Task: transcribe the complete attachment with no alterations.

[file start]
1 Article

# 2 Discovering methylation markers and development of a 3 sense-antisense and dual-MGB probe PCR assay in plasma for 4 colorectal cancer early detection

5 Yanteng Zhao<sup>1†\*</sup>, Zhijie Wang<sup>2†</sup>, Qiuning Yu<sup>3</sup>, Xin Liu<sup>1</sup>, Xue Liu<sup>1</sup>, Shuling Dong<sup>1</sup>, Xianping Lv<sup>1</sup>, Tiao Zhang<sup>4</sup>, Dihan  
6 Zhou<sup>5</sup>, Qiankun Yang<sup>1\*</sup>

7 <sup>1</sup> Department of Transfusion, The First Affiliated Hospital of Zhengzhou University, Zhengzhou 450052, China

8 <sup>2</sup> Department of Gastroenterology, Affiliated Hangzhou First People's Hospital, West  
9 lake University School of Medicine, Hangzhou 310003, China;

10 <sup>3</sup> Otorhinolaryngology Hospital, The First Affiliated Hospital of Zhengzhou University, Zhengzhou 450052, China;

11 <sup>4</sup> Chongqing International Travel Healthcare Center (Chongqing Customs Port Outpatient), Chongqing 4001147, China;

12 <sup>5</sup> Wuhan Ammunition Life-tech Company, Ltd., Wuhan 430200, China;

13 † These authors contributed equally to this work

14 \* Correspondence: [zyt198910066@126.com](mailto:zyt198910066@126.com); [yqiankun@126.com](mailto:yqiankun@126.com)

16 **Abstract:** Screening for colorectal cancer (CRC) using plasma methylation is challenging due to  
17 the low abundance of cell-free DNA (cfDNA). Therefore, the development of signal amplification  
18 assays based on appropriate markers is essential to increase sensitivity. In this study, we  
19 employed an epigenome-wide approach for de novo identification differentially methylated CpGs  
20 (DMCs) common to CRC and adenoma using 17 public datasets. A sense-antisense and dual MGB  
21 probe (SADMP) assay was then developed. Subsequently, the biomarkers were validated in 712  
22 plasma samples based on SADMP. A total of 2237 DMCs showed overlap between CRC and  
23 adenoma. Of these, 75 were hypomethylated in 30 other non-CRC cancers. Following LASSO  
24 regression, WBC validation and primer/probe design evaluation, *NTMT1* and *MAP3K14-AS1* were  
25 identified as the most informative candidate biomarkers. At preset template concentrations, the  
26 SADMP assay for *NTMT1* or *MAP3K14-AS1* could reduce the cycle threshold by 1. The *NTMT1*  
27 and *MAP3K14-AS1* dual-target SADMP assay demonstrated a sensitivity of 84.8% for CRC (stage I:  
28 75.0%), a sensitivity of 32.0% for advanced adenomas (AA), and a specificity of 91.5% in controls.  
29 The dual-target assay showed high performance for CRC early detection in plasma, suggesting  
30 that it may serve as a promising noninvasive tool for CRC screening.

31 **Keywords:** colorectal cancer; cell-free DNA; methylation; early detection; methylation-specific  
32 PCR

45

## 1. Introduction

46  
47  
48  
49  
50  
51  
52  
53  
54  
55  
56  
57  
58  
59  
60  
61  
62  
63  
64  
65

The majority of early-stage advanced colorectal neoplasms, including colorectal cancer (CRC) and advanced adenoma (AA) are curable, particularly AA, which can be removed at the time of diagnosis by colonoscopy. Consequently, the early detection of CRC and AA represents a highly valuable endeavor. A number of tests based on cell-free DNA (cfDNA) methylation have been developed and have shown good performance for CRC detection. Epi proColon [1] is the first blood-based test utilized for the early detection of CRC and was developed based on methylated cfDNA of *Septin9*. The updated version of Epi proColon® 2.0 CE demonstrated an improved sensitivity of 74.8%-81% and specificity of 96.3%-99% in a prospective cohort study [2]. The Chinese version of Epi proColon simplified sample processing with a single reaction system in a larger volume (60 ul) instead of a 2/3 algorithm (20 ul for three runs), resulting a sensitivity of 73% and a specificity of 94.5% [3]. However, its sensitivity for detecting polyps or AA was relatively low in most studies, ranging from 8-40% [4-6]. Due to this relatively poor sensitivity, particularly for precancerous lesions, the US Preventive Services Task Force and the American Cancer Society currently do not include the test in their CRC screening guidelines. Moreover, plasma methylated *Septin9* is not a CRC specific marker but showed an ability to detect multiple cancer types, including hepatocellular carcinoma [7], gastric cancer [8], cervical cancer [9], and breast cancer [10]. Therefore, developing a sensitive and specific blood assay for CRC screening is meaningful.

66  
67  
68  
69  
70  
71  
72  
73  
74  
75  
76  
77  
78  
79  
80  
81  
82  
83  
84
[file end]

1 Article

# 2 Discovering methylation markers and development of a 3 sense-antisense and dual-MGB probe PCR assay in plasma for 4 colorectal cancer early detection

5 Yanteng Zhao<sup>1†\*</sup>, Zhijie Wang<sup>2†</sup>, Qiuning Yu<sup>3</sup>, Xin Liu<sup>1</sup>, Xue Liu<sup>1</sup>, Shuling Dong<sup>1</sup>, Xianping Lv<sup>1</sup>, Tiao Zhang<sup>4</sup>, Dihan  
6 Zhou<sup>5</sup>, Qiankun Yang<sup>1\*</sup>

7 <sup>1</sup> Department of Transfusion, The First Affiliated Hospital of Zhengzhou University, Zhengzhou 450052, China

8 <sup>2</sup> Department of Gastroenterology, Affiliated Hangzhou First People's Hospital, West  
9 lake University School of Medicine, Hangzhou 310003, China;

10 <sup>3</sup> Otorhinolaryngology Hospital, The First Affiliated Hospital of Zhengzhou University, Zhengzhou 450052, China;

11 <sup>4</sup> Chongqing International Travel Healthcare Center (Chongqing Customs Port Outpatient), Chongqing 4001147, China;

12 <sup>5</sup> Wuhan Ammunition Life-tech Company, Ltd., Wuhan 430200, China;

13 † These authors contributed equally to this work

14 \* Correspondence: [zyt198910066@126.com](mailto:zyt198910066@126.com); [yqiankun@126.com](mailto:yqiankun@126.com)

16 **Abstract:** Screening for colorectal cancer (CRC) using plasma methylation is challenging due to  
17 the low abundance of cell-free DNA (cfDNA). Therefore, the development of signal amplification  
18 assays based on appropriate markers is essential to increase sensitivity. In this study, we  
19 employed an epigenome-wide approach for de novo identification differentially methylated CpGs  
20 (DMCs) common to CRC and adenoma using 17 public datasets. A sense-antisense and dual MGB  
21 probe (SADMP) assay was then developed. Subsequently, the biomarkers were validated in 712  
22 plasma samples based on SADMP. A total of 2237 DMCs showed overlap between CRC and  
23 adenoma. Of these, 75 were hypomethylated in 30 other non-CRC cancers. Following LASSO  
24 regression, WBC validation and primer/probe design evaluation, *NTMT1* and *MAP3K14-AS1* were  
25 identified as the most informative candidate biomarkers. At preset template concentrations, the  
26 SADMP assay for *NTMT1* or *MAP3K14-AS1* could reduce the cycle threshold by 1. The *NTMT1*  
27 and *MAP3K14-AS1* dual-target SADMP assay demonstrated a sensitivity of 84.8% for CRC (stage I:  
28 75.0%), a sensitivity of 32.0% for advanced adenomas (AA), and a specificity of 91.5% in controls.  
29 The dual-target assay showed high performance for CRC early detection in plasma, suggesting  
30 that it may serve as a promising noninvasive tool for CRC screening.

31 **Keywords:** colorectal cancer; cell-free DNA; methylation; early detection; methylation-specific  
32 PCR

45

## 1. Introduction

46  
47  
48  
49  
50  
51  
52  
53  
54  
55  
56  
57  
58  
59  
60  
61  
62  
63  
64  
65

The majority of early-stage advanced colorectal neoplasms, including colorectal cancer (CRC) and advanced adenoma (AA) are curable, particularly AA, which can be removed at the time of diagnosis by colonoscopy. Consequently, the early detection of CRC and AA represents a highly valuable endeavor. A number of tests based on cell-free DNA (cfDNA) methylation have been developed and have shown good performance for CRC detection. Epi proColon [1] is the first blood-based test utilized for the early detection of CRC and was developed based on methylated cfDNA of *Septin9*. The updated version of Epi proColon® 2.0 CE demonstrated an improved sensitivity of 74.8%-81% and specificity of 96.3%-99% in a prospective cohort study [2]. The Chinese version of Epi proColon simplified sample processing with a single reaction system in a larger volume (60 ul) instead of a 2/3 algorithm (20 ul for three runs), resulting a sensitivity of 73% and a specificity of 94.5% [3]. However, its sensitivity for detecting polyps or AA was relatively low in most studies, ranging from 8-40% [4-6]. Due to this relatively poor sensitivity, particularly for precancerous lesions, the US Preventive Services Task Force and the American Cancer Society currently do not include the test in their CRC screening guidelines. Moreover, plasma methylated *Septin9* is not a CRC specific marker but showed an ability to detect multiple cancer types, including hepatocellular carcinoma [7], gastric cancer [8], cervical cancer [9], and breast cancer [10]. Therefore, developing a sensitive and specific blood assay for CRC screening is meaningful.

66  
67  
68  
69  
70  
71  
72  
73  
74  
75  
76  
77  
78  
79  
80  
81  
82  
83  
84